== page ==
Perhaps one of my favorite techniques used by the show and an area which I think speaks directly to the show’s intelligence is that Gakkougurashi does not flaunt its horror images but instead allows them to exist in the background, almost unassumingly. A show of lesser design and direction would have moved heaven and hell to make sure these images reached the viewer and paraded them around instead of letting them occur naturally within the show. Along with this visual technique, the show also makes great use of depth-of-field in order to focus on certain shot elements and expert use of lighting and shadows.
Gakkougurashi makes amazing use of color as well. The majority of the show’s setting and it’s character designs are extremely bright and in vibrant colors (pinks, whites, and greens) whereas the contrasting environment of the horror scenes are far darker and bleak to the point where the show can become drained of color entirely and is visually delivered through blacks and gray-tones. The palette and color tone of each scene is highly dynamic which helped express the stark contrast between the show’s two moods. There is even intelligent work being done in Yuki’s character design as her school uniform, which differs in color from that of her fellow club members, sets her apart on a visual level in an attempt to parallel her altered perception and difference in mindset from the other girls. The subtle changes in the opening of the show provide a good commentary of what is transpiring and being revealed each episode and was a point of interest at the beginning of each watch.
In so many words, Gakkougurashi is a show that is driven by an engaging, thematic juxtaposition. The disparity between the actions and activities of the girls and the world that they live in is the central focus of the show and by spending half its time establishing a feel-good atmosphere while simultaneously developing a twisted horror story full of tragedy and sentimentality the show operates in way unique to itself. There is a great juxtaposition between the mundane, every day things such as worrying about graduation and love interests against the abnormal horror setting at the heart of the show. Due to the disparity in perception in the case of Yuki, the cast of the show is allowed to return to it’s slice of life roots far more often than it otherwise should be able to and in this way I found Gakkougurashi highly different in terms of progression from other shows that capitalize on presenting conflicting themes and moods such as Madoka and Yuuki Yuuna which, for the most part, have a major turning point in tone before embarking on something more complex and dark than their original premise. Gakkougurashi offers a continuous parallel between its two worlds that I found highly entertaining and clever.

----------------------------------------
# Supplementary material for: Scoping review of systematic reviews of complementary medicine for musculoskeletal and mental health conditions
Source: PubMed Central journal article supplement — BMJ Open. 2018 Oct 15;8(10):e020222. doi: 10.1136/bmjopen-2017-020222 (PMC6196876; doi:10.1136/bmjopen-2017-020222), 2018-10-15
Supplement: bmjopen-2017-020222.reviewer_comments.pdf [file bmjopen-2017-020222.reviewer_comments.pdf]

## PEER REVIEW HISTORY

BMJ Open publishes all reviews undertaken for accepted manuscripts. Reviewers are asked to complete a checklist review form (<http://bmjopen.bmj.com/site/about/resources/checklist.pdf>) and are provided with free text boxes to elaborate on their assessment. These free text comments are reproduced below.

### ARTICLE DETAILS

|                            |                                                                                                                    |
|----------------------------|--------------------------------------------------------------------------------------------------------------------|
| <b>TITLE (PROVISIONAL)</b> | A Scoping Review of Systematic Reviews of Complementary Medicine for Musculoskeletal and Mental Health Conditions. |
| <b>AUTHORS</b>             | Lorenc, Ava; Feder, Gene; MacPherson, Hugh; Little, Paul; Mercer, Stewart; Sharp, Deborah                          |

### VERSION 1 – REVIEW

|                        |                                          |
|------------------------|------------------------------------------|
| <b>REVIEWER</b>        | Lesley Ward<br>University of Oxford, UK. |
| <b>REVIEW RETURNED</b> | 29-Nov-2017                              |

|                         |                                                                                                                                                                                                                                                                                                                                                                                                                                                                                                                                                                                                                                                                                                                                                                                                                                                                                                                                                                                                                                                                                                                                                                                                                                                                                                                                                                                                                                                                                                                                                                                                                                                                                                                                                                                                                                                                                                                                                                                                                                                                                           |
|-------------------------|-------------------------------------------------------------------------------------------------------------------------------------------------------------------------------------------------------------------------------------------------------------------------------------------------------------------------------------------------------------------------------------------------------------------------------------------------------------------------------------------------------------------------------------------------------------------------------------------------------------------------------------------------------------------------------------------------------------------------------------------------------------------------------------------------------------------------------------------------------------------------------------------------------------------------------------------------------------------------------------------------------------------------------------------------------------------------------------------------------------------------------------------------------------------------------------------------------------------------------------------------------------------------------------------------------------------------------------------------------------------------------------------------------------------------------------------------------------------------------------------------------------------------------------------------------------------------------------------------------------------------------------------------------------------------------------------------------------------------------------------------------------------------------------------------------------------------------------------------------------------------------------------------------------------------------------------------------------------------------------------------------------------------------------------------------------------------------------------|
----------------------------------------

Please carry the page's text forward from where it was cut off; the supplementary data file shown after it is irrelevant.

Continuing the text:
There is a good deal of subtext as a lot of the interactions early on can be explained in different ways after learning of their implications in future episodes and so there is entertaining retroactive work being done in terms of tone and sentiment among the characters. The story is presented somewhat non-linearly at first as it takes the time early on to delve into the individual backstories of each of the girls while fleshing out the setting at hand before progressing the plot towards its conclusion. The comedy of the show wasn’t the strongest and I felt like it existed mostly for the purpose of, like many other attributes of the show, reinforcing one of the show’s major genre elements rather than actually trying to deliver unique and genuine humor. It’s a bit run of the mill in this regard however this allows the show to work better within the stereotypical setting that it tries to operate under and betray. The gag and comedic faces were very classic in their implementation to the point that one could even forget what they were watching because of the traditional environment and style they were delivered in.